Sexual abuse of minors by adults does not happen by accident, but is usually a planned act. Accordingly, prevention also needs a plan: a prevention concept in order to ensure that perpetrators have no room for abuse. A prevention concept should include advanced training for all professionals, a facility-specific plan of action or emergency plan as well as providing prevention for children and adolescents and their legal guardians.
What are prevention concepts?
Prevention concepts help organisations and facilities in the education, health and social sectors, such as day-care centres, schools, sports clubs or even doctors' practices to become places where children and adolescents are protected from sexual violence.
They reduce the risk of sexual violence being perpetrated in an institution or within an organisation and help to ensure that targeted children and adolescents are identified by professionals and have access to help.
Institutional prevention concepts for preventing and intervening are interactions between analysis, structural changes, agreements and communications as well as the attitude and culture of an organisation. The "No room for abuse" and "School against sexual violence" initiatives provide in-depth orientation options for developing prevention concepts. They are based on the guidelines issued by the Round Table for “Child Sexual Abuse”.
How can prevention concepts be developed?
Developing and implementing prevention concepts is the responsibility of the management of an institution and its institutional provider. A participatory process that simultaneously relies on the motivation and participation of the employees is needed so that the analyses, decisions and agreements are supported, implemented and lived by all.
Depending on how it is used, the possibilities of participation by children, adolescents and their guardians should also be utilised so that the prevention concept can then take these specific perspectives into consideration. Support from a counselling centre against sexualised violence or external experts from the relevant sector will also be needed for the prevention process to succeed. Competent external support in developing a prevention concept will help to identify possible patterns and dynamics within the institution that should always be taken into consideration in a prevention concept.
Risk and potential analyses are the basis
A risk analysis systematically pursues two questions: Which on-site conditions could perpetrators exploit? And: can targeted children or adolescents find on-site contacts who are also aware and will provide them with good conversations, listen to them and help them?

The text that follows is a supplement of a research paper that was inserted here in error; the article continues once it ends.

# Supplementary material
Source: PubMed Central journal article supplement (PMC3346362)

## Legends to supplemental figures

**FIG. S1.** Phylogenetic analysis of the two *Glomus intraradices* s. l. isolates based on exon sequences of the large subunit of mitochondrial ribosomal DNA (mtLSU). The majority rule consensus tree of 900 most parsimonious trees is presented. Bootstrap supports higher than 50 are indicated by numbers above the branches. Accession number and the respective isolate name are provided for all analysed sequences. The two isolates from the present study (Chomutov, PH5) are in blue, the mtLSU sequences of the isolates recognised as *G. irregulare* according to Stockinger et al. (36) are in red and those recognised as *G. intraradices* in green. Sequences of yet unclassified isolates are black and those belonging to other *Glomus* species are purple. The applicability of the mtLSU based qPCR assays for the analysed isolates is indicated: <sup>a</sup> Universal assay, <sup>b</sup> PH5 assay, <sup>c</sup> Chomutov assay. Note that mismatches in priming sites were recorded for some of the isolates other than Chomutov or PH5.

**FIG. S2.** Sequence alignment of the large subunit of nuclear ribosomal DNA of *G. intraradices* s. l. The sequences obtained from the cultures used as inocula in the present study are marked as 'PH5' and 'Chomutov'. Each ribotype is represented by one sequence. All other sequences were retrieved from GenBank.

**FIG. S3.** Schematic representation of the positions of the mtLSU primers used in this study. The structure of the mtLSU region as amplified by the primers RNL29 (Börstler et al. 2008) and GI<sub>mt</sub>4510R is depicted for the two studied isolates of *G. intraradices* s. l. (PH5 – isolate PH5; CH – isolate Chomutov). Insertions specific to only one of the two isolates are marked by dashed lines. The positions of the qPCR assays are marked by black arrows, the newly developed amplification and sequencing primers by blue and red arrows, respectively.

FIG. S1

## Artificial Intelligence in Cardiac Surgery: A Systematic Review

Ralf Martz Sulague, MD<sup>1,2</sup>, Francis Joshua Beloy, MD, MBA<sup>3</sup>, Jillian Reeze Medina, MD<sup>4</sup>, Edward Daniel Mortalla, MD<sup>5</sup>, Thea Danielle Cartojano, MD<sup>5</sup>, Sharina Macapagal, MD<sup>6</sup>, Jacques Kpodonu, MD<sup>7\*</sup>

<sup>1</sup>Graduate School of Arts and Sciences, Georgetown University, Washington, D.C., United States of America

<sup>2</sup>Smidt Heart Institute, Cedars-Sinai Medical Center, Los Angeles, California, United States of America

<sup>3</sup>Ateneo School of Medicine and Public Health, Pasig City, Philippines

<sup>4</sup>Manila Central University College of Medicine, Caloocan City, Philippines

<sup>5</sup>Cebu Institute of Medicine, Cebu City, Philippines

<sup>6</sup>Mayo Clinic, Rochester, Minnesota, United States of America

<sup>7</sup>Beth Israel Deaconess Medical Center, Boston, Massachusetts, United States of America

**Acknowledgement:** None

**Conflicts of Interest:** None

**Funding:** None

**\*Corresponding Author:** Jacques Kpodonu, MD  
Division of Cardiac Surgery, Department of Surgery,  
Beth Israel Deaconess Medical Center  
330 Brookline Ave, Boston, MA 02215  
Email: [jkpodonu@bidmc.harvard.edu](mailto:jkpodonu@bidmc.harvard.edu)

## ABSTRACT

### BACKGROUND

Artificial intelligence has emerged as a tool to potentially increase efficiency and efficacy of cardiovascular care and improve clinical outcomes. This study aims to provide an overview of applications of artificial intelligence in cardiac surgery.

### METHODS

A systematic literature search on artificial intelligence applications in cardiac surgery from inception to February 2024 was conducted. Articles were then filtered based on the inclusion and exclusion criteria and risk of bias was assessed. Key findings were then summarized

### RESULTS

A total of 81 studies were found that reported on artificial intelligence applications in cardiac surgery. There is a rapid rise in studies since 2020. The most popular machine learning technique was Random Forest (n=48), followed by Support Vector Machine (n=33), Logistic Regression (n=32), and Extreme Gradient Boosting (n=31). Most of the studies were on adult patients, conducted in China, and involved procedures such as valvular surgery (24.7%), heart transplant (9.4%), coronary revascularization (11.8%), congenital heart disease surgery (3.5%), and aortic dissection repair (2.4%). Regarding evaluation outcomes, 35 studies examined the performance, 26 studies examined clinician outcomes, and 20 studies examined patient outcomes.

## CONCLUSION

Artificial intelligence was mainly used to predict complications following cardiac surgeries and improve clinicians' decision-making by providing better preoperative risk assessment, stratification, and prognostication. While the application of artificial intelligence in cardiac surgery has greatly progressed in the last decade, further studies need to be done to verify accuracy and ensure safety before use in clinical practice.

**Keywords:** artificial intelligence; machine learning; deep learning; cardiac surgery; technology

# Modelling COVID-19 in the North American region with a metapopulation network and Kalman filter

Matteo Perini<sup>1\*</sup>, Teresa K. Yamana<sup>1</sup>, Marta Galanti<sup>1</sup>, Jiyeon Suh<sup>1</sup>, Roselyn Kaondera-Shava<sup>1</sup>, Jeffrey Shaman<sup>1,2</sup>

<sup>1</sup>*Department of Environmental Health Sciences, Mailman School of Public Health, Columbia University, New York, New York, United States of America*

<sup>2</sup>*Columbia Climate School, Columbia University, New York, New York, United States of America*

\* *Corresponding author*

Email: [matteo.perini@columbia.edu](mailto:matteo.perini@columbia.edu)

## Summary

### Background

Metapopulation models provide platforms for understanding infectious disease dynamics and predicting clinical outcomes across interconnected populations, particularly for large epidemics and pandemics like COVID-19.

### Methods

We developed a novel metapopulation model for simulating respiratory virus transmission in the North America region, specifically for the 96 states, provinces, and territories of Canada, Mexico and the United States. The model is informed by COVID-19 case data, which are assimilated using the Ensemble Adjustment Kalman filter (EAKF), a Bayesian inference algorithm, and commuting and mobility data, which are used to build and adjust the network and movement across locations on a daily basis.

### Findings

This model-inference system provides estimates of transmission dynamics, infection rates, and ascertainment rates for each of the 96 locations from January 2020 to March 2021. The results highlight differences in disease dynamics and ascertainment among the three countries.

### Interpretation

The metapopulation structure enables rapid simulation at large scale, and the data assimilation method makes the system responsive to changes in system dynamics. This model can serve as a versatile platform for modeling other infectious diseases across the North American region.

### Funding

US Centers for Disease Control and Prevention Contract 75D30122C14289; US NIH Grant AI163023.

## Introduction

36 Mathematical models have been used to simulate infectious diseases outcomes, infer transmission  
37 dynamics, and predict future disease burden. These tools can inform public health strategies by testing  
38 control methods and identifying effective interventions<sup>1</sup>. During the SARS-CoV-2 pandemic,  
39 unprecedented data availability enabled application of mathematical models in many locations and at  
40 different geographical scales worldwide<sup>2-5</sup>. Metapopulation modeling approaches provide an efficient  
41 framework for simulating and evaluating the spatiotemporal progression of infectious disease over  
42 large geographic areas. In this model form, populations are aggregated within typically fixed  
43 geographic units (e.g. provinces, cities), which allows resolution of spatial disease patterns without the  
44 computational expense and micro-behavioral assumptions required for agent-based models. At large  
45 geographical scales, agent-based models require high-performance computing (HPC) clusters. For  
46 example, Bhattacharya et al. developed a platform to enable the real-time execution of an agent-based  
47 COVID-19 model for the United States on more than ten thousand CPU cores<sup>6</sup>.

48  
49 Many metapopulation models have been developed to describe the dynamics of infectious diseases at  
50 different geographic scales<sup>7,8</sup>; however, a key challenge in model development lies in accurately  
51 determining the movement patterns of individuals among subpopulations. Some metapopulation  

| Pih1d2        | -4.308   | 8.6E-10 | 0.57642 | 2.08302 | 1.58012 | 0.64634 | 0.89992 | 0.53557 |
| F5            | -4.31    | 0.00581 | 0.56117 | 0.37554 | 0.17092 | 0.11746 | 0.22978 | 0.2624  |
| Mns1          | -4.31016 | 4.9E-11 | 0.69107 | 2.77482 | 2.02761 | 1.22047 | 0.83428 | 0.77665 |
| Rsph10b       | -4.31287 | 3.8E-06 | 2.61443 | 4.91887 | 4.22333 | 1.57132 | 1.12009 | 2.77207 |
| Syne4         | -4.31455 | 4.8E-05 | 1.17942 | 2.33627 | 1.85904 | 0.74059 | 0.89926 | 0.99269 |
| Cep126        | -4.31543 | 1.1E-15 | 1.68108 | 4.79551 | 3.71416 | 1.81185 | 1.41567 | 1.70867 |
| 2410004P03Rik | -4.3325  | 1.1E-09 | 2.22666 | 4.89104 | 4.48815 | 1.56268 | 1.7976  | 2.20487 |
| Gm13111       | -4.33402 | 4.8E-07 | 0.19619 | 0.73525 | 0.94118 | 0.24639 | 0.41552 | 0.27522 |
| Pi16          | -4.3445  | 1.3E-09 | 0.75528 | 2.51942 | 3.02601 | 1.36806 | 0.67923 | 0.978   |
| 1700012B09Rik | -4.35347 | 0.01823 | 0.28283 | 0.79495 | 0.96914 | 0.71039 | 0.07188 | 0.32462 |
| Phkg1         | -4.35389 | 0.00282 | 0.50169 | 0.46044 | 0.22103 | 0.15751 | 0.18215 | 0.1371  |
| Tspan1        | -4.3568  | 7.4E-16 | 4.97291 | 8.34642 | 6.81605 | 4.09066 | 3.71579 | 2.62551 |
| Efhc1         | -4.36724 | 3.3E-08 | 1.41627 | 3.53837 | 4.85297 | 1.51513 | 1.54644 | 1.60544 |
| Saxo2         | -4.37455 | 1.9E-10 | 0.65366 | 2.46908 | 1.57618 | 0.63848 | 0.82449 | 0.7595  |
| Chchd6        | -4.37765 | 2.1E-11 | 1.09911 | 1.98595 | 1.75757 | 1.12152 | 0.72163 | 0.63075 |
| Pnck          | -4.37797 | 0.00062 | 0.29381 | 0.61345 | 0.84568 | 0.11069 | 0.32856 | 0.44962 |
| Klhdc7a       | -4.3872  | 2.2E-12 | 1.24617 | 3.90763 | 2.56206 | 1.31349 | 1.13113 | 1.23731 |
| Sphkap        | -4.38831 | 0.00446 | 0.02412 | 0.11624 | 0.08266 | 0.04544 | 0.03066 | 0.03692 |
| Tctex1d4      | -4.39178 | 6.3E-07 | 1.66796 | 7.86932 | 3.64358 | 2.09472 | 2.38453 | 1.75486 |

The assessments, ideas and experiences of girls and boys are indispensable, especially as part of a risk analysis.
A potential analysis asks what preventive structures or measures are already in place on which the prevention concept can be based, i.e. with regard to addiction, bullying or violence issues.
If cases of past sexual violence have already become known, then a review of the incidents should be included in the risk analysis so that possible weak points within the institution can be excluded in the future.
The results from this analysis should show which conceptual and structural improvements are still needed in the facility in terms of child protection.
What are the prevention concepts components?
Child protection, and thus also explicit protection from sexual violence, should have top priority in institutions and organisations that work with minors. This should be made clear in the articles, ethics policy or general principle of an institution or organisation.
The code of conduct is an important prevention tool and it provides guidance to staff on how to deal with girls and boys in a way that observes and respects boundaries. A code of conduct formulates rules for situations that could be exploited by an institution’s staff for sexual violence. In a best case scenario, setting such rules and prohibitions together as a team makes it more difficult to initiate sexual abuse and at the same time it protects the staff from false suspicions.
Similar objectives are pursued by signing a so-called declaration of commitment.
The level of knowledge about sexual violence should be expanded through the qualification of all full-time and voluntary staff that work with children and adolescents and kept up-to-date through advanced training. Only with sufficient knowledge will it be possible to penetrate the relevance of the issue, to develop awareness and to be able to act appropriately in the event of speculation and suspicion.